This past week I had four separate phone conversations with pastors in four different regions of the country. While each of these conversations was unique, they all had a hauntingly similar theme. That theme went something like this:
“I’m so tired. This has been the hardest season of ministry I’ve experienced. I’m not sure I have what it takes to get through this, and I’m wondering if it’s worth it.”
Three of those four pastors were seriously considering either resigning or making a vocational change. One has been in ministry for over twenty years, and she simply is losing heart.
I get it. I feel it too.
This has been such a hard season for all of us. But it’s been especially hard for pastors. I’m not trying to sound alarmist here, but it seems to me that we could be on the cusp of a serious crisis, and I’m not sure the church is paying attention. So many pastors, overwhelmed by loneliness and fatigue and feelings of discouragement, are either abandoning their posts or on the verge of doing so.
Several weeks ago I had the privilege of participating in a webinar with Dr. Tod Bolsinger, Vice President and Chief of Leadership Formation at Fuller Seminary. You can listen to a condensed version of that talk here on The Leaders’ Journey podcast (one of my favorite podcasts). Bolsinger talked about a conversation he had with a pastor who was honest enough to admit, “Tod, I think I can learn adaptive change; I’m just not sure I can survive it!”
Bolsinger went on to say that the majority of pastors he’s working with aren’t so much in danger of suffering a “failure of nerve”– a phrase coined by the late Edwin Friedman to describe an unwillingness to upset the status quo. Pastors are mustering the courage to do this. The most urgent danger, Bolsinger said, has to do with a “failure of heart.” A failure of heart gets at the internal struggle of abandoning your call, of giving up on the people and the charge you’ve been given. In short, throwing in the towel and calling it quits.
That bears repeating. The real danger for so many pastors in this critical time isn’t a failure of nerve but a failure of heart. It’s not about whether pastors have enough skills and tools to lead (we’re always growing in this department); it’s about whether we have the heart– the stomach and the resilience–to get through it.
The questions that I’ve been wrestling with lately, thanks to Bolsinger, are two-fold: What key spiritual practices and rhythms are going to sustain me in this season? And what key relationships are necessary to build resilience as things won’t be getting easier anytime soon?
For those of you reading this who aren’t pastors, can I ask something of you? Love your pastor(s) well right now. They’re doing the best they can, and they really do love you. They feel the weight of wanting to lead faithfully and courageously in the face of so much anxiety, uncertainty and polarization. Not only are they dealing with the loss and anxiety of others, they’re dealing with their own loss. There is likely much more going on in their personal lives than you know. So pray for your pastor. Let your pastor know that you appreciate how hard they’re working, even if you don’t agree with every decision being made.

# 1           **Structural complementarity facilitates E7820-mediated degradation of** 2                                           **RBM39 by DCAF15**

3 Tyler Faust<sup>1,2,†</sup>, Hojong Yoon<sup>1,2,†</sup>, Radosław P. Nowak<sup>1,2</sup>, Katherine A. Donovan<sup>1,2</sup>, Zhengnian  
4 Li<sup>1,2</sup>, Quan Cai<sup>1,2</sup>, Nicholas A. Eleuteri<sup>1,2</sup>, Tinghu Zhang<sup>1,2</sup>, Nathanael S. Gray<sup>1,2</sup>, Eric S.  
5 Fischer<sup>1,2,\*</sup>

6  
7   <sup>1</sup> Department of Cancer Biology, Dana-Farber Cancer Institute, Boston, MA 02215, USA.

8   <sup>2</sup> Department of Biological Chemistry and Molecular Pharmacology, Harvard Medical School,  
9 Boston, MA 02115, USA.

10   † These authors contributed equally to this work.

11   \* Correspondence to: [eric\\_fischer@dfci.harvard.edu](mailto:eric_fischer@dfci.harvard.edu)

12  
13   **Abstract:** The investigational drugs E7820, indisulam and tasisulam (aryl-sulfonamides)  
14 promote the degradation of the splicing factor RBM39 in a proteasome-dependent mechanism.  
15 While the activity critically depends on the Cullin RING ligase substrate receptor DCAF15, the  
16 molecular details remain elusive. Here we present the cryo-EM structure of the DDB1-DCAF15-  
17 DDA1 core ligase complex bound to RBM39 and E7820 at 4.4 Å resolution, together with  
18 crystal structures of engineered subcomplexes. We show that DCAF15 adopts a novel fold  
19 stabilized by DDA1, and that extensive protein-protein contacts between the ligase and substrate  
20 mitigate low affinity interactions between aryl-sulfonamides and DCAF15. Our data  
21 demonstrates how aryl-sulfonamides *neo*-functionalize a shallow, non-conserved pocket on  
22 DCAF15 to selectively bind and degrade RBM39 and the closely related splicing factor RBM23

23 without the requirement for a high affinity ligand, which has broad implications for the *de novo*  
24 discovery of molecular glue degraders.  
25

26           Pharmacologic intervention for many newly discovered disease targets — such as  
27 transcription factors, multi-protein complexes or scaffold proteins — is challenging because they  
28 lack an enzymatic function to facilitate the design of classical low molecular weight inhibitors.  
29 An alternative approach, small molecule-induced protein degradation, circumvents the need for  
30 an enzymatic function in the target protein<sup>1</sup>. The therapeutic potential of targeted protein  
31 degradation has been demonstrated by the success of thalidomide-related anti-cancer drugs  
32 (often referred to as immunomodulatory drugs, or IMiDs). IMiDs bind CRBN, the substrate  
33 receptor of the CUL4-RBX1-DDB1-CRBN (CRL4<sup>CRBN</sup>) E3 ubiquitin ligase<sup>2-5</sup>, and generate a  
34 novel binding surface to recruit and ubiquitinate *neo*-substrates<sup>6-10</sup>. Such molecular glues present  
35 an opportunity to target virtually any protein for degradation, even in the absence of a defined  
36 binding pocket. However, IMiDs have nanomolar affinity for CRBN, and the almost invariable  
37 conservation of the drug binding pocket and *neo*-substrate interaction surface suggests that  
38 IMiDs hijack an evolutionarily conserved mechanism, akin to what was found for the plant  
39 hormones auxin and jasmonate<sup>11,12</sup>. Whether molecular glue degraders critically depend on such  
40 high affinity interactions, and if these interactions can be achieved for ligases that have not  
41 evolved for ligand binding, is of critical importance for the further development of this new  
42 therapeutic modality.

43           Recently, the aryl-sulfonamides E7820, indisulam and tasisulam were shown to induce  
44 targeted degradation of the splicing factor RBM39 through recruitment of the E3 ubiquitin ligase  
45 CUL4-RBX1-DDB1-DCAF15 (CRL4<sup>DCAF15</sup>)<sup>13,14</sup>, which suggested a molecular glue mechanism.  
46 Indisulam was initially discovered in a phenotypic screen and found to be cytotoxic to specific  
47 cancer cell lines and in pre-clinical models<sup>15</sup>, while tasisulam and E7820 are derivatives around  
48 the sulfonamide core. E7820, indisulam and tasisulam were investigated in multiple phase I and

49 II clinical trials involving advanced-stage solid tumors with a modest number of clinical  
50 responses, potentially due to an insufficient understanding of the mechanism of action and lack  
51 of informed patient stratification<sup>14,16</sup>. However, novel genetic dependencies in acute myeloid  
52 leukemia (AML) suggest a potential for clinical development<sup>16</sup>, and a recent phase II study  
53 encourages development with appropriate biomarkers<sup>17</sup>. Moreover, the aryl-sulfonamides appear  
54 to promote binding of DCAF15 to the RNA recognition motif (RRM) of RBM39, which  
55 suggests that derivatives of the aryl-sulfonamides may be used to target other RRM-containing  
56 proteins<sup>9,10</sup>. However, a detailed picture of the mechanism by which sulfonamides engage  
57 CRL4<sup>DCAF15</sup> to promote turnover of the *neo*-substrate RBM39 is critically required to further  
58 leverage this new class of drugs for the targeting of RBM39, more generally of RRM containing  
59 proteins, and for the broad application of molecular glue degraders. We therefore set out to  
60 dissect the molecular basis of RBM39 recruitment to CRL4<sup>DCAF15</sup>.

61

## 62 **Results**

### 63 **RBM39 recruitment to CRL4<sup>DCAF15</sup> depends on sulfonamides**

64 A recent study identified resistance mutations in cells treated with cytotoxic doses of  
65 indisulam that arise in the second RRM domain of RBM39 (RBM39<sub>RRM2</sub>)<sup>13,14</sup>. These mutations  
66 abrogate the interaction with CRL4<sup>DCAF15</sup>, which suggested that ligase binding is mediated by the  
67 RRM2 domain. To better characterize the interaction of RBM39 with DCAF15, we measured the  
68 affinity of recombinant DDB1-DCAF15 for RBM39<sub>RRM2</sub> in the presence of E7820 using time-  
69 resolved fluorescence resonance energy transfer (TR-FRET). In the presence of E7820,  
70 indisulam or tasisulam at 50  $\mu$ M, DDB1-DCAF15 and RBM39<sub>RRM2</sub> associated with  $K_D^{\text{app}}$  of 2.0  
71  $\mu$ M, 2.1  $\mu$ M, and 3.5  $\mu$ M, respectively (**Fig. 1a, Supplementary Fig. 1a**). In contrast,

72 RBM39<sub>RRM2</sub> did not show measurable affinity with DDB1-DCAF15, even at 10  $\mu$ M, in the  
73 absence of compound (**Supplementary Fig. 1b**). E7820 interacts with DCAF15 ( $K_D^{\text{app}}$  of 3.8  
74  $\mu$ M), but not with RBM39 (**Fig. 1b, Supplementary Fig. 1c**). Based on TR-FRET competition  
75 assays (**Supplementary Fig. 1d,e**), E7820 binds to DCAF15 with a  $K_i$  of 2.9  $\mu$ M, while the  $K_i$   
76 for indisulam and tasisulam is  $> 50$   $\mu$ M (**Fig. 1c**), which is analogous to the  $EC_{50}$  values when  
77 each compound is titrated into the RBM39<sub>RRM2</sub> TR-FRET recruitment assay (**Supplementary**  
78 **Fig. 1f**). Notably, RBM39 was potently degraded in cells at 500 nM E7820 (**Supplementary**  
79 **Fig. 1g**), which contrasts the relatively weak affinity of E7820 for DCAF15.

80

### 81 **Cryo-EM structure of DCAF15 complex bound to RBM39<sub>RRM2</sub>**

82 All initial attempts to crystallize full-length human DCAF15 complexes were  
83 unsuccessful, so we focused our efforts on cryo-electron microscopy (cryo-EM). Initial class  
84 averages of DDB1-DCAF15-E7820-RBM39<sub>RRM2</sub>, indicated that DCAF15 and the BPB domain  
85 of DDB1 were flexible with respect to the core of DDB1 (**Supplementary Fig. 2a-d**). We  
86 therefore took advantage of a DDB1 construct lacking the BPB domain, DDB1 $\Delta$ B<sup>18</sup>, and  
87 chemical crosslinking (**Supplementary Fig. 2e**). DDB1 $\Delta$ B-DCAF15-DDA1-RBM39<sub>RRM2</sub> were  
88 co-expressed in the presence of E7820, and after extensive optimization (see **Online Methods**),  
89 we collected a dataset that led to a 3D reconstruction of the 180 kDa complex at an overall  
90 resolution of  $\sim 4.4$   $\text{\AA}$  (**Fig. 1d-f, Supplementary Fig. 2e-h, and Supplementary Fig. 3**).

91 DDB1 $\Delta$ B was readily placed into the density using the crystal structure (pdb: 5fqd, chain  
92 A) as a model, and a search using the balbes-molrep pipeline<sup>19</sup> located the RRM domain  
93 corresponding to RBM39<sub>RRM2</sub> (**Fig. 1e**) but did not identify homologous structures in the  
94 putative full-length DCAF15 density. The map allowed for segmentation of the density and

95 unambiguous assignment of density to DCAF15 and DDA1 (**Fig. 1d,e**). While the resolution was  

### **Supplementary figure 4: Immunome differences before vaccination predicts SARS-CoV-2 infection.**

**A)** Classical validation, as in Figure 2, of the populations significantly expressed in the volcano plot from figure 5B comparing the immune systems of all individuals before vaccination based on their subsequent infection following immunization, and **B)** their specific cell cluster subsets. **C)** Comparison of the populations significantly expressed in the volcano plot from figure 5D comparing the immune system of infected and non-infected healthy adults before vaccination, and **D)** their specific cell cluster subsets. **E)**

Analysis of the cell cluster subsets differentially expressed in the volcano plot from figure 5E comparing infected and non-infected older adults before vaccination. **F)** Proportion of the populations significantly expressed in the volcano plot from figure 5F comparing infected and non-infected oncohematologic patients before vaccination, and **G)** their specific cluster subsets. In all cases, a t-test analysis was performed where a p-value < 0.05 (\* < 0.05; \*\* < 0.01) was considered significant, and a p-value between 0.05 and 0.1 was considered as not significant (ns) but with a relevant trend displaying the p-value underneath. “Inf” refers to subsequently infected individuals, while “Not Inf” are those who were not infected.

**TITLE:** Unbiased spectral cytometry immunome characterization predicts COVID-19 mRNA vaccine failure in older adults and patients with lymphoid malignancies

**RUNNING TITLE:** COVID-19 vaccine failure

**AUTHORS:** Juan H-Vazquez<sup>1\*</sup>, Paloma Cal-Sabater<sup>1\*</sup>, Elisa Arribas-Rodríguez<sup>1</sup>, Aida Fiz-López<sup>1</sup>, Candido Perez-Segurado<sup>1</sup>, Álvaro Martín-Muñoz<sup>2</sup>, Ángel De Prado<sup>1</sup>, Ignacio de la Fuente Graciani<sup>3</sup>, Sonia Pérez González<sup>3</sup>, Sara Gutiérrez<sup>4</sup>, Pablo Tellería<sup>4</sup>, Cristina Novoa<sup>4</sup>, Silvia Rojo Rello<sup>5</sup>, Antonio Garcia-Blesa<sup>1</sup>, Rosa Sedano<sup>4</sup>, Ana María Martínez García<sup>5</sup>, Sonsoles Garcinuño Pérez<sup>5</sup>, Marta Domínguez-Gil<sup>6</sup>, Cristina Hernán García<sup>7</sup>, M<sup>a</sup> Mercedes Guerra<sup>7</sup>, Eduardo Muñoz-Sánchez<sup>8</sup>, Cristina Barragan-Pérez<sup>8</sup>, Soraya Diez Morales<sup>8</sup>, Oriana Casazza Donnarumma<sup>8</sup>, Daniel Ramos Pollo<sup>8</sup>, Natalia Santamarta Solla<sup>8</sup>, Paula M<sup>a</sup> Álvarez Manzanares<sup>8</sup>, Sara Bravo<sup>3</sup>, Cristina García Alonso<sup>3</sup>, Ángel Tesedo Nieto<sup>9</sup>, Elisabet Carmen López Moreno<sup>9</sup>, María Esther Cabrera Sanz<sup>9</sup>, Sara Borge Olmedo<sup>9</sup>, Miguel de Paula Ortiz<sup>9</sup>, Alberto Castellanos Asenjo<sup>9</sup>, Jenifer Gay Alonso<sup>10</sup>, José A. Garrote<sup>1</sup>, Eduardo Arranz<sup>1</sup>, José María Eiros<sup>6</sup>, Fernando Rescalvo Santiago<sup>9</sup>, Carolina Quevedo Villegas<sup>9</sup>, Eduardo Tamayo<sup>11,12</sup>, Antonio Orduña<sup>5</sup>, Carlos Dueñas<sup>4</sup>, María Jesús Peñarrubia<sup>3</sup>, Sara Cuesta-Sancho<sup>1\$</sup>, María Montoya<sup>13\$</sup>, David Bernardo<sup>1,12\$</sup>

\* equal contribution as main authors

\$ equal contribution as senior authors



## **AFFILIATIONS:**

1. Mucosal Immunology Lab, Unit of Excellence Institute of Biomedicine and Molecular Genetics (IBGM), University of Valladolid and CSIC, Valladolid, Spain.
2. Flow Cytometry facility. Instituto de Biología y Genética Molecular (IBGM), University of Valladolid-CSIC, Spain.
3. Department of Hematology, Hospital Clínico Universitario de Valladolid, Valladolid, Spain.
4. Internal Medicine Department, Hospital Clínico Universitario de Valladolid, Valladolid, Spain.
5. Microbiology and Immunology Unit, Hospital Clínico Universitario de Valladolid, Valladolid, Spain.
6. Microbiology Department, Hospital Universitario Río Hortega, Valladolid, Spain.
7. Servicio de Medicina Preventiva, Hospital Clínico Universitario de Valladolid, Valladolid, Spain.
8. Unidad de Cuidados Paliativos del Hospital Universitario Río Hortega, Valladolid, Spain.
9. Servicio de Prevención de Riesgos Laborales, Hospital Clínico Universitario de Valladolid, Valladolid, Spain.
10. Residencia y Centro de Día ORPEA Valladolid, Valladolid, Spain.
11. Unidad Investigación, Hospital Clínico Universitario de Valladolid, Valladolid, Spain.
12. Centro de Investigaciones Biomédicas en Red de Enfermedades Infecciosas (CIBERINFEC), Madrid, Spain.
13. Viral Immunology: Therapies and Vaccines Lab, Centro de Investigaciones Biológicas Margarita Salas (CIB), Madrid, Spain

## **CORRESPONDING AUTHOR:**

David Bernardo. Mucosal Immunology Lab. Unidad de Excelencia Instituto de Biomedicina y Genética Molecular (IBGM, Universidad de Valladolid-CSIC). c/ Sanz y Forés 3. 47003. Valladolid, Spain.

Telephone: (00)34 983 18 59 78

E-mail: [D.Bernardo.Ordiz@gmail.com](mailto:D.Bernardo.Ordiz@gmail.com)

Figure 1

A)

And to my fellow pastors: I urge you to be gentle with yourself. None of us feel like we know what we’re doing or that we’re doing it well enough. There is always more that could be done, and the expectations can be overwhelming. You feel like you’re disappointing people left and right. I get it. They’ll be okay. Not only will they survive the disappointment, it actually may be the very thing they need to grow more spiritually and emotionally mature. “We are workers, not master builders,” Oscar Romero reminds us. “We are ministers, not Messiahs. We are prophets of a future not our own.”
I have an index card next to my computer in my study with these words, inspired by Rabbi Jonathan Sacks, scribbled on it: “This is your work to do. You may not be the one to finish the work, but you must not abandon it. So lead on.”
While none of us know what things will look like on the other side of all of this or how long it will take to get there, we do have this assurance: Jesus Christ alone is the one who holds all things together, and he will be with his church until the very end. And not even the gates of hell will prevail against it.
May this assurance be just enough for us to stay faithful to the work we’ve been given, to lead on, and to not lose heart.